If Flaco were to escape now - in late 2023 - and not be recaptured, I’m pretty sure would actually be USDA violation for the zoo. Yet his escape in February 2023 wasn’t, by virtue of a timing loophole and the fact that new regulations have some lag time built in before compliance is mandatory. USDA finally expanded their remit to birds in addition to mammals, and the new rules were promulgated in Feb 2023! But facilities with existing licenses had until August to get into compliance. Which means, basically, that both the regulatory mechanism and the accrediting ones meant to ensure that the zoo actually is fully responsible for Flaco didn’t work. AZA because they just dgaf, and USDA because it happened just before they actually had the necessary jurisdiction.
The WCS announced late in the evening on February 23, 2024, that Flaco passed away after a collision with a building.
Their press release went on to state that:
“The downed owl was reported to the Wild Bird Fund (WBF) by people in the building. Staff from the WBF quickly responded, retrieved the non-responsive owl and declared him dead shortly afterward. The WBF notified zoo staff who picked up the bird and transported him to the Bronx Zoo for necropsy.”
I don’t have a lot of words: I’m angry and yet also unsurprised. Reducing the risk of window collisions is crucial for protecting all urban birds; but Flaco’s story is about much more than that. His life was originally endangered by the person who cut open his exhibit and set him loose. The birding community in NYC made it worse: by romanticizing the idea of “freedom” and buying into the fallacy that “natural” and “wild” are inherently somehow better for animals - regardless of what they have ever known, or might prefer - their actions contributed to depriving him of many more years of a good, safe, captive life.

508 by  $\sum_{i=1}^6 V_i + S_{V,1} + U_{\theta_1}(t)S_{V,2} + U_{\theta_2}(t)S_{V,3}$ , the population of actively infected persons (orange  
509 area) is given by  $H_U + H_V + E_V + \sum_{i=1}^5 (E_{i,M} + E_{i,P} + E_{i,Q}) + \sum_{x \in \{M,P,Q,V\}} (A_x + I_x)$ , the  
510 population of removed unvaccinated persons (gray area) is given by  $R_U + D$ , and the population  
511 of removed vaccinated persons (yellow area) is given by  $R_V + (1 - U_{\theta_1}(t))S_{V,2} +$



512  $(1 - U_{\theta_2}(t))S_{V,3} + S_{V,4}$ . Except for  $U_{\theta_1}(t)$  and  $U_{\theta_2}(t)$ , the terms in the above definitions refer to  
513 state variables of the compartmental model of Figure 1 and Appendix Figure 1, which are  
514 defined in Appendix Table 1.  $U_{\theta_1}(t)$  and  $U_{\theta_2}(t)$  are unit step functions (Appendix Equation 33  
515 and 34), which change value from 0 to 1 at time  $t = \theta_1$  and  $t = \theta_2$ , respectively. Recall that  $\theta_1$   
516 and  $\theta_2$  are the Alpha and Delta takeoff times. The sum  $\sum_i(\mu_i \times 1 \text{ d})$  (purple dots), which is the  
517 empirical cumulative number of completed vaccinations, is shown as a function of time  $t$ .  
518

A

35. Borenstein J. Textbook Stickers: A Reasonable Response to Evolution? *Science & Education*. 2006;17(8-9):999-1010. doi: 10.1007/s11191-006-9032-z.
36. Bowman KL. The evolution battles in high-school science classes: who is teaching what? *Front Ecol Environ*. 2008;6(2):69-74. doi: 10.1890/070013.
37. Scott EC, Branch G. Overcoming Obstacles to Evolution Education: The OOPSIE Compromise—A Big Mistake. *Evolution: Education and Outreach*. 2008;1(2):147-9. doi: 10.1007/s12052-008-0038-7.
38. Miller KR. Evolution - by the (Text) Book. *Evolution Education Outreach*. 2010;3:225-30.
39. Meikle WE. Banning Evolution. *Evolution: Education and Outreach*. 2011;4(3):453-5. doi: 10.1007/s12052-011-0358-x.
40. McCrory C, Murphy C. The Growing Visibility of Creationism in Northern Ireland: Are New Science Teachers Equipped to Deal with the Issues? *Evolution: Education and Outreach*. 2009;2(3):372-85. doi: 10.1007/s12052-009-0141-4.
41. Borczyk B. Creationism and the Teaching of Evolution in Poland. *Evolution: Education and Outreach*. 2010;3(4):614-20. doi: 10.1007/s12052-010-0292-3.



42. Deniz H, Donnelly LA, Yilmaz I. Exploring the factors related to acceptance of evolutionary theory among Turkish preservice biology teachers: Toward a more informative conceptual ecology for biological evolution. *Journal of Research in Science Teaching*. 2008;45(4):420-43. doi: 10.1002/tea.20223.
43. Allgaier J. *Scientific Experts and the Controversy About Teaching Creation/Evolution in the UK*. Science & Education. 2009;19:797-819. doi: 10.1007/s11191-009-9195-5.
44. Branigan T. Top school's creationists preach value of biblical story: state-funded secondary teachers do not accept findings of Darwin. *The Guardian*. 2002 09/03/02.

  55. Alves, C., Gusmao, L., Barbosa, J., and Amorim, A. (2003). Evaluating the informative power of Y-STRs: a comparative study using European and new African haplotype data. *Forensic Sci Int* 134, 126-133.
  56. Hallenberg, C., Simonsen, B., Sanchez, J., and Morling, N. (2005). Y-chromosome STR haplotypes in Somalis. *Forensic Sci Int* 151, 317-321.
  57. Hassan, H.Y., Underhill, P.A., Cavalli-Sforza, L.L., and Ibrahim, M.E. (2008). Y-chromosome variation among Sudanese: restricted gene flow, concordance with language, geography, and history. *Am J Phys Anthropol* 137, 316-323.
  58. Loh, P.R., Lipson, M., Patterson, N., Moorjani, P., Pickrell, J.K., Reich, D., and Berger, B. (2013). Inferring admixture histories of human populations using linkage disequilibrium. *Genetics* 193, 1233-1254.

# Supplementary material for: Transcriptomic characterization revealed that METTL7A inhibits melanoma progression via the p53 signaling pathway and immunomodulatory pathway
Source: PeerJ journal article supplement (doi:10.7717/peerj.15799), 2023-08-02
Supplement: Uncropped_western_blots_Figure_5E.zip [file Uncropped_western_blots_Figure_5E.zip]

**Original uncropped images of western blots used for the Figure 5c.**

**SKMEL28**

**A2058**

Instead. Flaco, a member of a species that regularly lives to 20 years in the wild and three times that in human care is dead at 13 because of anthropomorphism, selfishness, and a local community’s refusal to listen to scientific experts. He lived one fifth of his potential lifespan and he died on the pavement after colliding with a structure he had no capacity to understand, much less the ability to avoid.
The WCS has stated they will conduct a necropsy (animal autopsy) and will share additional information that results from it. That data will tell us which narrative is true: if he really was thriving as a “wild” bird in a foreign and adversarial habitat as so many fans claimed - or if, as so many scientists and animal care experts have expressed concerns about, he was ingesting rodenticide from eating city rats and struggling to stay healthy.
@honkifurhoary summarized the situation well in their tweets (emphasis mine):
“Flaco’s premature death was an inevitability as soon as his enclosure was vandalized. The people who sabotaged recapture efforts, instead of investing resources to help his recapture & improve his habitat, further guaranteed it. This wasn’t freedom. This was human failure. So much suffering is caused by humans anthropomorphizing wildlife. This is no exception.”